The first time I traveled to a small Russian village was for a woman’s 80th birthday celebration. It was a proper Russian feast of eating, drinking, playing games, eating some more, singing, dancing and then eating again. Taking a break from the revelry, I had a moment to sit quietly and absorb everything around me. I was profoundly struck by the incongruity between the lively community at the party and the dilapidated houses, single shuttered store and abandoned schoolhouse that comprised this dying village. Here was this life and vibrancy that was being snuffed out by globalization as the collateral damage of modernization, and I knew in that moment that this was a story that needed to be told.
For the past four years, I have called Russia ‘home’. The impenetrable language, the breathtakingly harsh climate, the deeply rooted distrust of outsiders, the chaos of everyday life, the endemic alcohol problem – the clichés are all here. To see beyond this, however, is to see the sincerity, generosity, and deep sense of humanity upon which Russian society is built. Like many a Russophile, this vast and mysterious place of extremes has forever burrowed under my skin.
Initially, I moved here to conduct a documentary photography project about Kazan, a city heralded for religious tolerance among its half–Muslim Tatar, half–Orthodox Christian Russian population. But it was when I began spending time in the patchwork of villages that dot the countryside, that I started to more fully understand what it is to be ‘Russian’. Every Russian, even the born and bred Muscovite, feels a deep connection to the village; it is a connection to nature, to a simpler way of life, and to the very heart of their beloved country. Yet Russia’s villages are disappearing. With 20,000 villages erased from the map in the past 20 years alone, Russia stands at the forefront of a global mass exodus as people are abandoning rural life in favor of large cities.
The Republic of Tatarstan in the central Volga region where I live is one of the most diverse republics in the Russian Federation. I have traveled to nearly every corner of the republic, staying in villages belonging to various ethnic groups with names like Mari, Udmurt, Chuvash, Kryashen, and, of course, Russian and Tatar. To experience collective village life and to bear witness to ancient cultural traditions and religious rites connects us to each other and to our shared human history, but removed from their lifeblood in these small, close-knit communities, these traditions are crowded out by the allure and the demands of modern urban life. For this reason, the vibrant legacy of many of Russia’s more than 100 indigenous peoples depends directly on the survival the village.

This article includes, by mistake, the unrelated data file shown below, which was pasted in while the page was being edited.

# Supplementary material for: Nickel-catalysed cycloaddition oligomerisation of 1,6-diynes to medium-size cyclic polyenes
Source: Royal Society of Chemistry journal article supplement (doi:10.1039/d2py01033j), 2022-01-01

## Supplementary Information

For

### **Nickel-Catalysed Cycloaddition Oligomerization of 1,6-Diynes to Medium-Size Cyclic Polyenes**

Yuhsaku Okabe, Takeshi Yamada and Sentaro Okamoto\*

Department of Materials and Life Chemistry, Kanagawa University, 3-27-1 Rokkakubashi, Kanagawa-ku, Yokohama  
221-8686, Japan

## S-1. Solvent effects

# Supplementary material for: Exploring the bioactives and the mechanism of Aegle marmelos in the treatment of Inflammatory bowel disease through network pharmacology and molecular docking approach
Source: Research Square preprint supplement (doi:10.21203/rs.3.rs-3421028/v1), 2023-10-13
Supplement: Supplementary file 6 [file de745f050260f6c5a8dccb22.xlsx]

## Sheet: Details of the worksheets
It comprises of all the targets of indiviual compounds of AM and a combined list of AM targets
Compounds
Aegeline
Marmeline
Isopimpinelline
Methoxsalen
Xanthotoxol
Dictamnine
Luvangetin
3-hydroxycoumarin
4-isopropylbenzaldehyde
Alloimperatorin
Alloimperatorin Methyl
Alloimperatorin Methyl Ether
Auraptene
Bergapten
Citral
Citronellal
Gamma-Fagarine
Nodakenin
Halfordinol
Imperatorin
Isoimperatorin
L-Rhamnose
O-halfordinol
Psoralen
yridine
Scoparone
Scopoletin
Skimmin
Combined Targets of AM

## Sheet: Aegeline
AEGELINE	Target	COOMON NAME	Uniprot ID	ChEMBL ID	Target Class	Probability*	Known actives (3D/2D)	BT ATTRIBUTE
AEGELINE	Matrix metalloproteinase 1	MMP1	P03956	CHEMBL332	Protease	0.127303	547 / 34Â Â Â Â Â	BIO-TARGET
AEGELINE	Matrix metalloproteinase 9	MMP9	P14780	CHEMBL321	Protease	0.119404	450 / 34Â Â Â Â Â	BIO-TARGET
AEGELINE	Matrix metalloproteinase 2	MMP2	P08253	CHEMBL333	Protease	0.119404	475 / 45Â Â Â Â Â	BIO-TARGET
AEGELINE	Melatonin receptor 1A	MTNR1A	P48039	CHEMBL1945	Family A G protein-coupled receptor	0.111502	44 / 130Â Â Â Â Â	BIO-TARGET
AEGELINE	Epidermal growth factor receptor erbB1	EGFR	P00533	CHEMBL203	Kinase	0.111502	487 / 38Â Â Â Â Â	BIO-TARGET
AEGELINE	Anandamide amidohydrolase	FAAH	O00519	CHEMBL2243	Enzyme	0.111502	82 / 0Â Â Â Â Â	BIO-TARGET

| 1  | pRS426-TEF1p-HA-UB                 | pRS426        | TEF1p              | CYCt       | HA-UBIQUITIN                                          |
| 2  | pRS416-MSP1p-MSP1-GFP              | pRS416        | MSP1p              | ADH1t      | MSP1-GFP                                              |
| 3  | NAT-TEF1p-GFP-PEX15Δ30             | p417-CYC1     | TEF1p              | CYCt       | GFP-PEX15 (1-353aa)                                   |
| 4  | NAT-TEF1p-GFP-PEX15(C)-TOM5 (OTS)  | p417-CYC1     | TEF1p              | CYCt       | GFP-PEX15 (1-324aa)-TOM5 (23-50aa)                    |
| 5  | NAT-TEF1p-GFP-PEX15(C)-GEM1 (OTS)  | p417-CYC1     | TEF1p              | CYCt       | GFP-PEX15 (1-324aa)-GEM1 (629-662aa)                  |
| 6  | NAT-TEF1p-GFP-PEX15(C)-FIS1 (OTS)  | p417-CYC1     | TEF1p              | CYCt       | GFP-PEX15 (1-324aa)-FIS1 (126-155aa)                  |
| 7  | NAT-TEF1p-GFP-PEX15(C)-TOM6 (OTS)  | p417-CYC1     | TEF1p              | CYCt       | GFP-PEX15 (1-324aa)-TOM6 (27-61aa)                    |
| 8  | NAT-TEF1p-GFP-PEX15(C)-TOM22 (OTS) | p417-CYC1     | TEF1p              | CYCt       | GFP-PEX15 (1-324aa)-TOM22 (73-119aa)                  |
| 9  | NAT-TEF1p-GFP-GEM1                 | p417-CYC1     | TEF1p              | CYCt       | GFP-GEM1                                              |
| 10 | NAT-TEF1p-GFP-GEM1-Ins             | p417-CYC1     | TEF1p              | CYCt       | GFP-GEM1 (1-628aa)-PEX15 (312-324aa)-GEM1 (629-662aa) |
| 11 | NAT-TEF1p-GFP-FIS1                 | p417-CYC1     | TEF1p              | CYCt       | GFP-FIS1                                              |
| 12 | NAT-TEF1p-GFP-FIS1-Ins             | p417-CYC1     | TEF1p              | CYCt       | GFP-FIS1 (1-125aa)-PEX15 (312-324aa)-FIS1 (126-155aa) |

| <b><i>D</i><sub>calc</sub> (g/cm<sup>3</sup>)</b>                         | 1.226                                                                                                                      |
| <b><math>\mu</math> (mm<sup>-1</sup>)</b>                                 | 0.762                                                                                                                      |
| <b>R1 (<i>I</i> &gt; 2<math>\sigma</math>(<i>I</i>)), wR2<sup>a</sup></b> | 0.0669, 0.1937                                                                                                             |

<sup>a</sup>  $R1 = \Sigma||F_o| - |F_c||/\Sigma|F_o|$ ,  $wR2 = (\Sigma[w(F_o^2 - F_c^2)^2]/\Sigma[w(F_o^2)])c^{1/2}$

While it would have been relatively easy for me to create a body of work that reflects only the stark realities of what is left behind as villages are abandoned- the poverty, alcoholism, and fatalism with which Russia is usually associated- this portrayal would truly serve no one. It wouldn’t do justice to the people who live in these conditions, nor would it act as a beacon call to the rest of world to save these dying villages. I would never romanticize life in Russia’s villages. I have seen how extraordinarily challenging it is, but I fundamentally believe that a more effective impetus for change is in showing people all that will be lost once Russia’s villages are gone.
As the world becomes increasingly more connected, it seems that a loss of cultural diversity is an inevitable byproduct. The effects of this phenomenon, however, are something we have yet to fully grasp. As the adage goes, you can’t stop progress, but you can stop and reflect on its costs. My goal with this project is to examine and celebrate the diversity that remains in Russian village society in an effort to help us all value and preserve what will otherwise be lost. I am committed to using photography to explore issues vital to our global community, but to do it in a way that highlights that which brings us together rather than what tears us apart.